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Charles Simonyi introduced the idea of "organizing really big software teams by creating one super duper uber programmer writing the top-level functions, while handing off the implementation of the lower-level functions to a team of grunt junior-programmers as needed. They called this position program manager."

I want to know what are the Top-level functions, and how can I identify it? My language is Javascript. So far that's the only language I know hence please give me examples using JavaScript please.

BTW, the quote above is taken from Joel Spolsky. Check out his blog and read How to be a program manager.


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5 Answers 5

up vote 8 down vote accepted

The closer it is to human language, the higher-level the function is.

The closer it is to machine language, the lower-level the function is.

I'm simplyfying but here are some examples:

High level functions:


Low level functions:

if (Car.IsKeyInserted() == False)
   return False;

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+1 very succinct –  Bob Black Dec 1 '10 at 14:53

When we talk about "high level" and "low level" in programming it's usually referring to the level of abstraction. A high level function is one which abstracts away the details, here's an example of a high level abstraction:

$('div#foo p').show('fast');

That snippet is from the jQuery JavaScript framework, it demonstrates a very complicated task but enables you to initiate it very easily. A lower level abstraction would be something like this:

$('div#foo p').animate({height: 'show', width: 'show', opacity: 1}, 200);

It's still jQuery but more details are being involved, it's lower level. Of course, you can get even lower:

animate(document.getElementById('foo').getElementsByTagName('p'), {
    height: 300, width: 600, opacity: 1, alphaFilter: 1
}, 200);

(using a custom built animate method)

Etc. etc.

The optimum level of abstraction is always under heavy debate. Going too high can cause an abstraction leak but going to low can be inefficient and a waste of time, especially if higher abstractions exist.

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This refers to how far down the call stack the function is located. When a program starts, the operating system calls the main() or top level, which consists of calls to the next lower level functions. Each in turn calls other functions to do more basic tasks, which end up calling functions in operating system eg to open a file. The low level functions are the functions in your program which don't call any other functions that you have written (but use the operating system or framework to compute their results etc).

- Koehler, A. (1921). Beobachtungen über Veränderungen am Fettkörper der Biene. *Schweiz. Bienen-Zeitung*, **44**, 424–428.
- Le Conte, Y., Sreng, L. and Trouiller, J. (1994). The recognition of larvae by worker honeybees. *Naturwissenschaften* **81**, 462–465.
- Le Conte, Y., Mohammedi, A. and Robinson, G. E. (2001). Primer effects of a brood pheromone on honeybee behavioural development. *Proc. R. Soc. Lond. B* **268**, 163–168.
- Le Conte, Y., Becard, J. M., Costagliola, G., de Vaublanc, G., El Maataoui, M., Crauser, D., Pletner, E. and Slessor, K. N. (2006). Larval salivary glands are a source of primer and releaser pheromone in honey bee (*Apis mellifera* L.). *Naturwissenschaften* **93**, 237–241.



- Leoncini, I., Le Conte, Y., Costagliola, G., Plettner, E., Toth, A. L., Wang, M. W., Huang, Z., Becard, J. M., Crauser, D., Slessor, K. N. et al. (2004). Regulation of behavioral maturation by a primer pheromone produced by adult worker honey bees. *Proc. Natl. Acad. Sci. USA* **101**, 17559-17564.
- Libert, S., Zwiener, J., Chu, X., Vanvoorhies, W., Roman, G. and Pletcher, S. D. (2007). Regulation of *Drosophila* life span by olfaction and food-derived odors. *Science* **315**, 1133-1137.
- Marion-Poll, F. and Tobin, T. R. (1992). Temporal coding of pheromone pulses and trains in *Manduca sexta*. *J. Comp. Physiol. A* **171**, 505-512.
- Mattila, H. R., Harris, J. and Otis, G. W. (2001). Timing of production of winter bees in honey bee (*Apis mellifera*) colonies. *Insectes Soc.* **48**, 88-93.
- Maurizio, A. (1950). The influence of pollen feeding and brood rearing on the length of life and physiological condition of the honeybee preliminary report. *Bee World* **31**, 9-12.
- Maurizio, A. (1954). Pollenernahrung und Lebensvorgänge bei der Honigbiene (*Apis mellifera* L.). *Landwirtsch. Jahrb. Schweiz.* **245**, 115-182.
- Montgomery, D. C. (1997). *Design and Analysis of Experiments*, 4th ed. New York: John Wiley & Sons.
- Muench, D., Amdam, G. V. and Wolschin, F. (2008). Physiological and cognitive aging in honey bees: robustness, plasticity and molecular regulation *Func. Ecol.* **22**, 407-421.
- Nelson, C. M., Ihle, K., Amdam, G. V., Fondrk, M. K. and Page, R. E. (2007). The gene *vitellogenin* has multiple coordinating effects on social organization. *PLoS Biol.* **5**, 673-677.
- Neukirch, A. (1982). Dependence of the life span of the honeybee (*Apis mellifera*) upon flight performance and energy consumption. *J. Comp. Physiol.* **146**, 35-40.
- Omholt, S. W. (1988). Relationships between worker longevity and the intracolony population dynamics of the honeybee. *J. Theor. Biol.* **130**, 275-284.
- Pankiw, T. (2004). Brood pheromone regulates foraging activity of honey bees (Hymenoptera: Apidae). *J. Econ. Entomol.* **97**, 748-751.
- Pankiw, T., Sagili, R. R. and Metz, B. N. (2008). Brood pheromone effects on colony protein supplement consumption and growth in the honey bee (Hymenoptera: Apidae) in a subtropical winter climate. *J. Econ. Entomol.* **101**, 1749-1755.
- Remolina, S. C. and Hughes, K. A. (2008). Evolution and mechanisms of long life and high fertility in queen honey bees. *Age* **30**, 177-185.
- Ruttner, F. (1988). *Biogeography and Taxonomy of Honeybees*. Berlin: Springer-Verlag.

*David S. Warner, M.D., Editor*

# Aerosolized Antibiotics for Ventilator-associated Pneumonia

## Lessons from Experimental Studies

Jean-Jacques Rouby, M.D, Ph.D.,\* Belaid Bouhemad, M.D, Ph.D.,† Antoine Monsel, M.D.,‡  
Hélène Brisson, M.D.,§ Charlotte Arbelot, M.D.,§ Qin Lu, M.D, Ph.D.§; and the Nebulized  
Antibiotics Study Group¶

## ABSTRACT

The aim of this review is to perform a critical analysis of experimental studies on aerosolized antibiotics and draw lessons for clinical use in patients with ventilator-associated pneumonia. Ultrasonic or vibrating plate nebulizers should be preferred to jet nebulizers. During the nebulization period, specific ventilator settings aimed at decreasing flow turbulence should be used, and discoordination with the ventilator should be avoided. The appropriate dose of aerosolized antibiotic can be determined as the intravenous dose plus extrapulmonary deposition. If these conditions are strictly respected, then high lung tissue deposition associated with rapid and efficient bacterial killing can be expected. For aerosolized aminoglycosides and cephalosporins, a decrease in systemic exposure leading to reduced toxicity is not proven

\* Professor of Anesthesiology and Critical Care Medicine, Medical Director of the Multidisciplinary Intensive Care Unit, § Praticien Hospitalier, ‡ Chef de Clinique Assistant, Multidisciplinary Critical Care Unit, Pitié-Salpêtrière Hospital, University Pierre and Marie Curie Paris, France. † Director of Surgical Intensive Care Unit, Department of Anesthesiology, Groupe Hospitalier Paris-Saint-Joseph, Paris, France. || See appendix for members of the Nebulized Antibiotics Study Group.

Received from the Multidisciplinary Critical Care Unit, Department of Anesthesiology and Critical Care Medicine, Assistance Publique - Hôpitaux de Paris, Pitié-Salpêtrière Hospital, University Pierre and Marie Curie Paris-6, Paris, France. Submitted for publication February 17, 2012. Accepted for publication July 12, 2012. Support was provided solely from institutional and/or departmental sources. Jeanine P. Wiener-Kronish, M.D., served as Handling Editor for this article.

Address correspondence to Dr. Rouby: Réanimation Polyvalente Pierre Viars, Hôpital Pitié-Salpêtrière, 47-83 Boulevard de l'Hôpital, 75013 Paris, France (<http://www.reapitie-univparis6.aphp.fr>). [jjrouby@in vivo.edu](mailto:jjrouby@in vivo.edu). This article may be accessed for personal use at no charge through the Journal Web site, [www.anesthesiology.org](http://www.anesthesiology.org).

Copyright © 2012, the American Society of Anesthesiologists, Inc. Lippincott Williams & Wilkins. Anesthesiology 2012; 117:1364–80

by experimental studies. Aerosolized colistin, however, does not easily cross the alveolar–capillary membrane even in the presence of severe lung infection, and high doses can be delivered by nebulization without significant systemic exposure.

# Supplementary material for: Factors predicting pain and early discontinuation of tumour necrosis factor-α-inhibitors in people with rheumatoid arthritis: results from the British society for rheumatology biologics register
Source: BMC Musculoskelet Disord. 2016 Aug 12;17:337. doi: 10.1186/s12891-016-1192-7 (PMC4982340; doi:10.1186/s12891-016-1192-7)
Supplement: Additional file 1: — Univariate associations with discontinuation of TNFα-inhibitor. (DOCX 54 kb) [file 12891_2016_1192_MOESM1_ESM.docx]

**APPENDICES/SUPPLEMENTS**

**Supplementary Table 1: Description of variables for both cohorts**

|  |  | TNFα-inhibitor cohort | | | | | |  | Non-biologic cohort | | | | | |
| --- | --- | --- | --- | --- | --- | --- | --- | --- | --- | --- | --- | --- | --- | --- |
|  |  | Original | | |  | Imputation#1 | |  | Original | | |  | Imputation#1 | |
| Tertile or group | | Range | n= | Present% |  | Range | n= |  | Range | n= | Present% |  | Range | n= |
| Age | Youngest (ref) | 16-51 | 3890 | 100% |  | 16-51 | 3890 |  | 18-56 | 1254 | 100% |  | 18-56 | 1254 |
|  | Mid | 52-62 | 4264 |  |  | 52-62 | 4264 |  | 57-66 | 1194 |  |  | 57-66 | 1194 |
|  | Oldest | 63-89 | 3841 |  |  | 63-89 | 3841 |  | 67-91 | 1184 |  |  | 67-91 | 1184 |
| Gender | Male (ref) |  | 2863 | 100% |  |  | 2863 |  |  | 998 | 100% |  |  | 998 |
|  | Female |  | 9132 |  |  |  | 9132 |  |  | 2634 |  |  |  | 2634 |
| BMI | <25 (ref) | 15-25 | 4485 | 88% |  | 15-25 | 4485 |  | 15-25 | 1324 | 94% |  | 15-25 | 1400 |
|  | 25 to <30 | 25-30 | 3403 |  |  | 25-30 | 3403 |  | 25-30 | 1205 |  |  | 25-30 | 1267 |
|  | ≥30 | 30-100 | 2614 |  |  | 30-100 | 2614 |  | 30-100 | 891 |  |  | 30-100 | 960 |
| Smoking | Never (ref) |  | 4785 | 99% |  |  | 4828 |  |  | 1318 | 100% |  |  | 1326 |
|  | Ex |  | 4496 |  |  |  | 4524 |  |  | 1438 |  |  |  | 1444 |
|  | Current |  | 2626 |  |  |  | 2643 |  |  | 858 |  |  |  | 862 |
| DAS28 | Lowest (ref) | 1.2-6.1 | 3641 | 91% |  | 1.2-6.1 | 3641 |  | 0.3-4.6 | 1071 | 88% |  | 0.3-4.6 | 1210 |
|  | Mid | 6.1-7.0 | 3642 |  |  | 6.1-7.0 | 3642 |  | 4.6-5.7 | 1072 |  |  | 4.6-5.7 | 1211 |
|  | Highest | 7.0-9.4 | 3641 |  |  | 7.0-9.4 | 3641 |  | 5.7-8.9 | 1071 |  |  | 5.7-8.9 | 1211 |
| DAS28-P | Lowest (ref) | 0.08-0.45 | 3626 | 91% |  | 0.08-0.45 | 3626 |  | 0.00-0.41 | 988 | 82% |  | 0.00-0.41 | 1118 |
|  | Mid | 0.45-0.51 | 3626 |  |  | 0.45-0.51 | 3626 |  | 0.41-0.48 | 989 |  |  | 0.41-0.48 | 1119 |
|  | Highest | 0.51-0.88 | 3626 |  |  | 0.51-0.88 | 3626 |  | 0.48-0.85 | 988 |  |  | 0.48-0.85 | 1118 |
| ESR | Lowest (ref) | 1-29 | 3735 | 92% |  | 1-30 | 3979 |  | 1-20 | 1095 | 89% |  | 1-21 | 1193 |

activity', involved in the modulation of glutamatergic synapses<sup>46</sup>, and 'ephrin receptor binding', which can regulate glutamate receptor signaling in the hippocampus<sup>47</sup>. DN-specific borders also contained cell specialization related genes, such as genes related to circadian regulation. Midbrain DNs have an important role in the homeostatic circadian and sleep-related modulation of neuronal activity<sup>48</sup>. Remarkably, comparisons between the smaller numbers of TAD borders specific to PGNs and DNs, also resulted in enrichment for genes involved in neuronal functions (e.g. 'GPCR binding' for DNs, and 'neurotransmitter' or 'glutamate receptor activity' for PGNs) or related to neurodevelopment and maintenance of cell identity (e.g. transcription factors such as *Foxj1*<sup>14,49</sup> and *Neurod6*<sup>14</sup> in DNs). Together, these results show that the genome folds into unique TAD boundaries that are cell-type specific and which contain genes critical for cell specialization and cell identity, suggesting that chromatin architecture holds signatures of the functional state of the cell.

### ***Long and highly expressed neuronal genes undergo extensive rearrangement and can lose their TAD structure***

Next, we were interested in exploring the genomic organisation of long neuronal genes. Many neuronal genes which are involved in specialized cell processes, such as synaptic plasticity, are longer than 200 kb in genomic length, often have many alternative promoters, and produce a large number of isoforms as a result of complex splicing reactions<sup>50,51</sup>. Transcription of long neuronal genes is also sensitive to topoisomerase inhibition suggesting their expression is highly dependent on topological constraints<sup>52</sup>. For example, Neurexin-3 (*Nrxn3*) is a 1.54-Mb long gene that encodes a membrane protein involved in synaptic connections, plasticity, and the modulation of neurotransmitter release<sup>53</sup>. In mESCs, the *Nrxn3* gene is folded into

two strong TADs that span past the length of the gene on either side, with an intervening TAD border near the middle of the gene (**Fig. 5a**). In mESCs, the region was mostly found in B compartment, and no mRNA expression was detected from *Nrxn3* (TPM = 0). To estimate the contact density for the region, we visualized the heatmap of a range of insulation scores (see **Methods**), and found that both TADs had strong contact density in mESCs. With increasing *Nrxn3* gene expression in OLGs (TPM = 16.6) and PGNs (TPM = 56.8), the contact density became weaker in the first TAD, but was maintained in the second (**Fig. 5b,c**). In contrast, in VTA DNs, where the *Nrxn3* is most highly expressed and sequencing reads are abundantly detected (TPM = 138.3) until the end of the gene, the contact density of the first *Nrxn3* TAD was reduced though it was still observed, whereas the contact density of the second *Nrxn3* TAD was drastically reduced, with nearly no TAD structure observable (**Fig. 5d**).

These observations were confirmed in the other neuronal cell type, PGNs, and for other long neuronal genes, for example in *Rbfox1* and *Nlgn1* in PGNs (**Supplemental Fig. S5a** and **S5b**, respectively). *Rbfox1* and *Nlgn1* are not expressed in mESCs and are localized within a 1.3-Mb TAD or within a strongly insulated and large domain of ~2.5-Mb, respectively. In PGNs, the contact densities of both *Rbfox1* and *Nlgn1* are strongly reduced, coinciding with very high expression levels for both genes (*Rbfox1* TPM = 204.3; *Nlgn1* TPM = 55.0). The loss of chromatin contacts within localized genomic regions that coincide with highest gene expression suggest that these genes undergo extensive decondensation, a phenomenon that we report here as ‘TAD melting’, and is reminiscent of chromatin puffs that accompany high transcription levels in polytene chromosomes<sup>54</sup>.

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Simple question could be answered in just a few words but the underlying subject covers entire books. However is is not related to Javascript per say, just that Javascript could be used to create the functions.

Mr Valdez is right though.. it all depends on the level of abstraction your function defines.

There are other approach to software desing and architecture look em up

This one has a section that answer your question quite nicely

This page discuss the subject with a broader perspective

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Top level function is a term that describes writing program code outside of sub or function. There are various levels from declaring stuff to actually running program code like vbs/jscript.

It normally discouraged or not allowed on languages that are expected to be complex. VB for instance only allows const and declares and dim. C# allows nothing top level.

We normally use higher level to describe the abstraction of a language.

In some languages the term will be top level method.

I remember reading this a long time ago.

http://blogs.msdn.com/b/ericlippert/archive/2009/06/22/why-doesn-t-c-implement-top-level-methods.aspx which links back to this site Why C# is not allowing non-member functions like C++

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